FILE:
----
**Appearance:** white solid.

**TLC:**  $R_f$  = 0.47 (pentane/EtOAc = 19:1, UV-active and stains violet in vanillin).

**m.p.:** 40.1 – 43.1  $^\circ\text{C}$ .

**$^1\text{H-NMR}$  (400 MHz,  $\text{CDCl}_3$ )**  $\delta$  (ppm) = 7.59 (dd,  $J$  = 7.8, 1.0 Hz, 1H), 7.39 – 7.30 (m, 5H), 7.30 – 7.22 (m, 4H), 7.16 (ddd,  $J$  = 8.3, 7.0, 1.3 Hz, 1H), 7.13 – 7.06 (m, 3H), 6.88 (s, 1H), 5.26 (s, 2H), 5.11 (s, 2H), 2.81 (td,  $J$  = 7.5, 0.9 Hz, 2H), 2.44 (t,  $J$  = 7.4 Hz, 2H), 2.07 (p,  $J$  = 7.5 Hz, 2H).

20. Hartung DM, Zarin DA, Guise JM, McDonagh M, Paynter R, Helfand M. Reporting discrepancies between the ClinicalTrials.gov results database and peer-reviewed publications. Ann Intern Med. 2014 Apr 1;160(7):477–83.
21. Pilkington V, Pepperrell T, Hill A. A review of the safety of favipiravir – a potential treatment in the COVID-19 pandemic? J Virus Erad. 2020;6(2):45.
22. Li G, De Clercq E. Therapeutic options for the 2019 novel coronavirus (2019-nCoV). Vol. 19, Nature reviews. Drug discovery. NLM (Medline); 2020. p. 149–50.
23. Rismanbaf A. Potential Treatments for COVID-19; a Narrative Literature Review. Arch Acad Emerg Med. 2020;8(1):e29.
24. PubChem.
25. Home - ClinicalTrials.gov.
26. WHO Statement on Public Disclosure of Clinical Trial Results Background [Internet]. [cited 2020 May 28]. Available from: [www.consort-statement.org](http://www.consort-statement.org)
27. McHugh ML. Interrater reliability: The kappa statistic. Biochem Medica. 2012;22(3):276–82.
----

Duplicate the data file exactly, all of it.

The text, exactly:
**Appearance:** white solid.

**TLC:**  $R_f$  = 0.47 (pentane/EtOAc = 19:1, UV-active and stains violet in vanillin).

**m.p.:** 40.1 – 43.1  $^\circ\text{C}$ .

**$^1\text{H-NMR}$  (400 MHz,  $\text{CDCl}_3$ )**  $\delta$  (ppm) = 7.59 (dd,  $J$  = 7.8, 1.0 Hz, 1H), 7.39 – 7.30 (m, 5H), 7.30 – 7.22 (m, 4H), 7.16 (ddd,  $J$  = 8.3, 7.0, 1.3 Hz, 1H), 7.13 – 7.06 (m, 3H), 6.88 (s, 1H), 5.26 (s, 2H), 5.11 (s, 2H), 2.81 (td,  $J$  = 7.5, 0.9 Hz, 2H), 2.44 (t,  $J$  = 7.4 Hz, 2H), 2.07 (p,  $J$  = 7.5 Hz, 2H).

20. Hartung DM, Zarin DA, Guise JM, McDonagh M, Paynter R, Helfand M. Reporting discrepancies between the ClinicalTrials.gov results database and peer-reviewed publications. Ann Intern Med. 2014 Apr 1;160(7):477–83.
21. Pilkington V, Pepperrell T, Hill A. A review of the safety of favipiravir – a potential treatment in the COVID-19 pandemic? J Virus Erad. 2020;6(2):45.
22. Li G, De Clercq E. Therapeutic options for the 2019 novel coronavirus (2019-nCoV). Vol. 19, Nature reviews. Drug discovery. NLM (Medline); 2020. p. 149–50.
23. Rismanbaf A. Potential Treatments for COVID-19; a Narrative Literature Review. Arch Acad Emerg Med. 2020;8(1):e29.
24. PubChem.
25. Home - ClinicalTrials.gov.
26. WHO Statement on Public Disclosure of Clinical Trial Results Background [Internet]. [cited 2020 May 28]. Available from: [www.consort-statement.org](http://www.consort-statement.org)
27. McHugh ML. Interrater reliability: The kappa statistic. Biochem Medica. 2012;22(3):276–82.